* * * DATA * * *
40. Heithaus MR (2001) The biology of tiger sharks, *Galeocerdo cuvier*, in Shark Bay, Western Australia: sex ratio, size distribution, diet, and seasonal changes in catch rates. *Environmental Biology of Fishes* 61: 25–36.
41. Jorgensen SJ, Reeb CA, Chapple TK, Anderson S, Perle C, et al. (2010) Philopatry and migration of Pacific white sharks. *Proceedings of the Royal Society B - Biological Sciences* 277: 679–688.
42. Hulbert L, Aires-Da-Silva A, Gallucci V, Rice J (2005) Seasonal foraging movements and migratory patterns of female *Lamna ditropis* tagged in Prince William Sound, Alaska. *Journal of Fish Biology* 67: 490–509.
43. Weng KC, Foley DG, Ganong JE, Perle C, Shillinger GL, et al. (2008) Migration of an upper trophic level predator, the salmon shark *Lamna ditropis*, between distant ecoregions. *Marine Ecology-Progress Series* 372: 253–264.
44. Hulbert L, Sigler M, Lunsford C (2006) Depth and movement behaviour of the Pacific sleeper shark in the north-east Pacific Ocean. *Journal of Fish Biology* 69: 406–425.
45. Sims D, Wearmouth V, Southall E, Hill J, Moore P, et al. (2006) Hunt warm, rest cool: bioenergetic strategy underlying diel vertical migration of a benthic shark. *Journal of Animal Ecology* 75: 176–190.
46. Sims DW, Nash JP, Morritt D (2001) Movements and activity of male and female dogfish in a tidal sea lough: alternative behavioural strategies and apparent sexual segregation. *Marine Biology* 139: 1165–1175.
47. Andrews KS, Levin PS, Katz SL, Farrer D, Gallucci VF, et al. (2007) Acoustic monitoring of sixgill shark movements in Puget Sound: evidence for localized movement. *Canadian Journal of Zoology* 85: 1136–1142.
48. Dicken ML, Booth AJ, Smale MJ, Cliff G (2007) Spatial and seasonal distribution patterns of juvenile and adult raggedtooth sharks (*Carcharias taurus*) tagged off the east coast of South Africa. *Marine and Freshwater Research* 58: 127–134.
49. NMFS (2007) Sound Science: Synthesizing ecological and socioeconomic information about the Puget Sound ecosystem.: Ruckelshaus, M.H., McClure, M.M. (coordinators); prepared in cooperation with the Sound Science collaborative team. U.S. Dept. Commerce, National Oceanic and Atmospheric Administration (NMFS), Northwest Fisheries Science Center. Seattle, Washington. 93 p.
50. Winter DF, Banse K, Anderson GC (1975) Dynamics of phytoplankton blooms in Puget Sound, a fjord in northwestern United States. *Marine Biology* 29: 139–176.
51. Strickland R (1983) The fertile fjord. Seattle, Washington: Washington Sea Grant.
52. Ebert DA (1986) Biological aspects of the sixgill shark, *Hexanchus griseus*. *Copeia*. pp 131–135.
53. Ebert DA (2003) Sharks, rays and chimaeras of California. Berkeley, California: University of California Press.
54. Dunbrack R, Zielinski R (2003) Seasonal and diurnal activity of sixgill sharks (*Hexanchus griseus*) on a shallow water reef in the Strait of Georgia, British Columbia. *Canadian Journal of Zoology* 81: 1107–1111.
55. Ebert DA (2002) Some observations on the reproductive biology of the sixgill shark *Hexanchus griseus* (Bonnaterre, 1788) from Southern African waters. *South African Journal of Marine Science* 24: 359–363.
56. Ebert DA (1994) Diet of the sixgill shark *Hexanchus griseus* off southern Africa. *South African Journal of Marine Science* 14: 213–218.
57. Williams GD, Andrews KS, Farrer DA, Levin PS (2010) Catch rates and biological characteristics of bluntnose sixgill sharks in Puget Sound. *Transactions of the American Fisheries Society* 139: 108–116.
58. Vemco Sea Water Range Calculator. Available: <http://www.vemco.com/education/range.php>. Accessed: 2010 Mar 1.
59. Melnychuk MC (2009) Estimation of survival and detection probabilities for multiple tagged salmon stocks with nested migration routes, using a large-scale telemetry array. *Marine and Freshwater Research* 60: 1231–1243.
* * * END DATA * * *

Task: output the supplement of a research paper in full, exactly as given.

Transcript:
40. Heithaus MR (2001) The biology of tiger sharks, *Galeocerdo cuvier*, in Shark Bay, Western Australia: sex ratio, size distribution, diet, and seasonal changes in catch rates. *Environmental Biology of Fishes* 61: 25–36.
41. Jorgensen SJ, Reeb CA, Chapple TK, Anderson S, Perle C, et al. (2010) Philopatry and migration of Pacific white sharks. *Proceedings of the Royal Society B - Biological Sciences* 277: 679–688.
42. Hulbert L, Aires-Da-Silva A, Gallucci V, Rice J (2005) Seasonal foraging movements and migratory patterns of female *Lamna ditropis* tagged in Prince William Sound, Alaska. *Journal of Fish Biology* 67: 490–509.
43. Weng KC, Foley DG, Ganong JE, Perle C, Shillinger GL, et al. (2008) Migration of an upper trophic level predator, the salmon shark *Lamna ditropis*, between distant ecoregions. *Marine Ecology-Progress Series* 372: 253–264.
44. Hulbert L, Sigler M, Lunsford C (2006) Depth and movement behaviour of the Pacific sleeper shark in the north-east Pacific Ocean. *Journal of Fish Biology* 69: 406–425.
45. Sims D, Wearmouth V, Southall E, Hill J, Moore P, et al. (2006) Hunt warm, rest cool: bioenergetic strategy underlying diel vertical migration of a benthic shark. *Journal of Animal Ecology* 75: 176–190.
46. Sims DW, Nash JP, Morritt D (2001) Movements and activity of male and female dogfish in a tidal sea lough: alternative behavioural strategies and apparent sexual segregation. *Marine Biology* 139: 1165–1175.
47. Andrews KS, Levin PS, Katz SL, Farrer D, Gallucci VF, et al. (2007) Acoustic monitoring of sixgill shark movements in Puget Sound: evidence for localized movement. *Canadian Journal of Zoology* 85: 1136–1142.
48. Dicken ML, Booth AJ, Smale MJ, Cliff G (2007) Spatial and seasonal distribution patterns of juvenile and adult raggedtooth sharks (*Carcharias taurus*) tagged off the east coast of South Africa. *Marine and Freshwater Research* 58: 127–134.
49. NMFS (2007) Sound Science: Synthesizing ecological and socioeconomic information about the Puget Sound ecosystem.: Ruckelshaus, M.H., McClure, M.M. (coordinators); prepared in cooperation with the Sound Science collaborative team. U.S. Dept. Commerce, National Oceanic and Atmospheric Administration (NMFS), Northwest Fisheries Science Center. Seattle, Washington. 93 p.
50. Winter DF, Banse K, Anderson GC (1975) Dynamics of phytoplankton blooms in Puget Sound, a fjord in northwestern United States. *Marine Biology* 29: 139–176.
51. Strickland R (1983) The fertile fjord. Seattle, Washington: Washington Sea Grant.
52. Ebert DA (1986) Biological aspects of the sixgill shark, *Hexanchus griseus*. *Copeia*. pp 131–135.
53. Ebert DA (2003) Sharks, rays and chimaeras of California. Berkeley, California: University of California Press.
54. Dunbrack R, Zielinski R (2003) Seasonal and diurnal activity of sixgill sharks (*Hexanchus griseus*) on a shallow water reef in the Strait of Georgia, British Columbia. *Canadian Journal of Zoology* 81: 1107–1111.
55. Ebert DA (2002) Some observations on the reproductive biology of the sixgill shark *Hexanchus griseus* (Bonnaterre, 1788) from Southern African waters. *South African Journal of Marine Science* 24: 359–363.
56. Ebert DA (1994) Diet of the sixgill shark *Hexanchus griseus* off southern Africa. *South African Journal of Marine Science* 14: 213–218.
57. Williams GD, Andrews KS, Farrer DA, Levin PS (2010) Catch rates and biological characteristics of bluntnose sixgill sharks in Puget Sound. *Transactions of the American Fisheries Society* 139: 108–116.
58. Vemco Sea Water Range Calculator. Available: <http://www.vemco.com/education/range.php>. Accessed: 2010 Mar 1.
59. Melnychuk MC (2009) Estimation of survival and detection probabilities for multiple tagged salmon stocks with nested migration routes, using a large-scale telemetry array. *Marine and Freshwater Research* 60: 1231–1243.